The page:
Focused Inquiry Professor Creates Writing Collective, Book Club for High School Students in Richmond Area
By William Lineberry
Lindsay Chudzik wants to be, for all of her students, what she needed when she was younger.
Chudzik, an associate professor in University College’s Department of Focused Inquiry, wants to help show her students—like she wishes her past teachers would have—that literature does not have to just be a smattering of dead white men.
Instead, she wants to show that literature can serve as a means to help students see themselves in art and hear stories like their own. It can also be used as a tool for self-discovery, activism, advocacy, knowledge and personal growth.
“Representation through literature is a key way to work toward this goal, as [students] seeing themselves and their concerns reflected in the pages they are reading can have a sizable impact,” Chudzik said.
And through two service-learning grants, Chudzik is now doing this work with middle school and high school students in the Hopewell area. Over the past year, Chudzik received both a faculty development grant from University College and a service learning project grant (awarded last month) from the VCU Office of Institutional Equity, Effectiveness and Success to create a book club and writing collective for middle school and high-school girls living in public housing in Hopewell, Va.
Chudzik, through her first grant, started developing the curriculum for the program that was initially intended for middle school girls. The most recent grant from VCU has now allowed her to expand the project to work with both middle school and high-school girls in the same community.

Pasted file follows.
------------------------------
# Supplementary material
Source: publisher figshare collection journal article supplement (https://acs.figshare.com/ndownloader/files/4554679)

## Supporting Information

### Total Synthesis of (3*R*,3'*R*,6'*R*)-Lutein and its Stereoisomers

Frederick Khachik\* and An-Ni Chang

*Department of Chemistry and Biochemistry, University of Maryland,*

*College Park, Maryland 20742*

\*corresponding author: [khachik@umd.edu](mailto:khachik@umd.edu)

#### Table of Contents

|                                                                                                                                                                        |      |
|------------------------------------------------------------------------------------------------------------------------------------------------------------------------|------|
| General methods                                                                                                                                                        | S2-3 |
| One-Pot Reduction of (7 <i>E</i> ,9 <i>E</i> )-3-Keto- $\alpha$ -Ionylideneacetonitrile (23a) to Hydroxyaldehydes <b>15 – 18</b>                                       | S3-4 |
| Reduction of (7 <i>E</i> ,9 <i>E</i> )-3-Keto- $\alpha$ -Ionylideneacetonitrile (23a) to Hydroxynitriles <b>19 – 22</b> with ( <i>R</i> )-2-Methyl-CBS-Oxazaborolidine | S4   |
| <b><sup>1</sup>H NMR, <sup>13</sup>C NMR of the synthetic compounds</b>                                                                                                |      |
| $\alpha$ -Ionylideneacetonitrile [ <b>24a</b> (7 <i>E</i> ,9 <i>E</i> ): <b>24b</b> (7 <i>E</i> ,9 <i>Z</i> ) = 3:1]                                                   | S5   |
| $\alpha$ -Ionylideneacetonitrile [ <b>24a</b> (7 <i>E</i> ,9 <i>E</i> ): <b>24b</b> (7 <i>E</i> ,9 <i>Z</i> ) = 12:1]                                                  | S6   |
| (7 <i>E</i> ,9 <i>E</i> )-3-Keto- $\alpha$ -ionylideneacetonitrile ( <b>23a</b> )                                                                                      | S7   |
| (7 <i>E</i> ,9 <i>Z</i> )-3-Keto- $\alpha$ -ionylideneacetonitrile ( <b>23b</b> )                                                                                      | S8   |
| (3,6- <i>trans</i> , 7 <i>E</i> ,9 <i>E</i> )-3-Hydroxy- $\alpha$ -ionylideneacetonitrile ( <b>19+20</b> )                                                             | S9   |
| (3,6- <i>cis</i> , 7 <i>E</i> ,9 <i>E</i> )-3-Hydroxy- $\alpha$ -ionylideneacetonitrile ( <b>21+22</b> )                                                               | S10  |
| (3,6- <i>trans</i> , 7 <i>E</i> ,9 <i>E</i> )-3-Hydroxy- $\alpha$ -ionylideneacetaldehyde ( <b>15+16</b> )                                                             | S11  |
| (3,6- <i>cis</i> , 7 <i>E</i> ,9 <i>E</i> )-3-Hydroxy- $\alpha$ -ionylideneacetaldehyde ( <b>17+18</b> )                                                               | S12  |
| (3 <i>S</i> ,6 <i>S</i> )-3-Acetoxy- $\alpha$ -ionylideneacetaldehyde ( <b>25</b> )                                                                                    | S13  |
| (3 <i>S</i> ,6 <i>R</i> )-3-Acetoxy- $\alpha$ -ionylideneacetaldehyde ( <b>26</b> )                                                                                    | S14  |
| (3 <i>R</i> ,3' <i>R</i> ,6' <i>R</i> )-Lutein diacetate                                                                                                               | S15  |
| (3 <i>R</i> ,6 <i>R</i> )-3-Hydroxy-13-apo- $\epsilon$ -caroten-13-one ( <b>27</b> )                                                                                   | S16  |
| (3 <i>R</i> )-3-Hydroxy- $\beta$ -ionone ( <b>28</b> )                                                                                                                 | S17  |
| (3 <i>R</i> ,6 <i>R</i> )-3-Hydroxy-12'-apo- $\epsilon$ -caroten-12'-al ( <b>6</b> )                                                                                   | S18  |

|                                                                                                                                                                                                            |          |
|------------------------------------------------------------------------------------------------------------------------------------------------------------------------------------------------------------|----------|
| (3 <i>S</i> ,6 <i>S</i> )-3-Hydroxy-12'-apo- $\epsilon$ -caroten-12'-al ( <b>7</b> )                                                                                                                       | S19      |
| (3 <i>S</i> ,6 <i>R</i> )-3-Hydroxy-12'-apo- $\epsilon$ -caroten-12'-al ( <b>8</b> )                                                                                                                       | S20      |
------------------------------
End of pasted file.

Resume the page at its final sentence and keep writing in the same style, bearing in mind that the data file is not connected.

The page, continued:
The workshops consist of students engaging in discussions around novels with diverse characters and strong female protagonists such as in coming-of-age novels like “Malcolm and Me,” “The First Rule of Punk,” “Moxie” and “The Hate U Give.” In these texts, Chudzik said she hopes to instill in students a sense of social responsibility and advocacy.
“My goal for my service-learning students always is to turn them into advocates and activists for themselves and the communities where they volunteer,” Chudzik said. “I hope reading these novels will encourage all of the participants from middle school to college to begin thinking of themselves as activists as well.”
My goal for my service-learning students always is to turn them into advocates and activists for themselves and the communities where they volunteer.
Involving and letting students engage with these texts is one part of the project, but Chudzik hopes by the end that all of them will be published writers as well. All students involved in the project, along with Chudzik’s Focused Inquiry students, will write a semi-autobiographical novella and work with a national literary magazine, Feels Blind Literary, to publish excerpts from their work in a special apprentice issue of the magazine in summer 2022.
After Chudzik pitched the middle-school project to the Superintendent of Hopewell Public Schools, Melody Hackney, Ed.D, Hackney then came back to Chudzik about expanding the program to high-school girls in the same community.
“We identified a much larger need for this programming than initially anticipated,” Chudzik said. “Dr. Hackney identified that the most pressing need for both groups is developing and nurturing their self-esteem, though especially since COVID, I see this same need with my college students. Not only will this workshop encourage them to be more engaged in the discussions at hand, but when their experiences are privileged and valued, this also will enable them to feel more connected to learning institutions as a whole.”
Chudzik will begin her work with Hopewell students starting in mid-March at a new after-school facility. The facility, which was paid for from CARES Act funds, contains a gaming room, a movie theater, a gym, a restaurant-grade kitchen to feed the students hot meals and help them explore culinary interests, a café, a gallery and a combination tutor and studying space.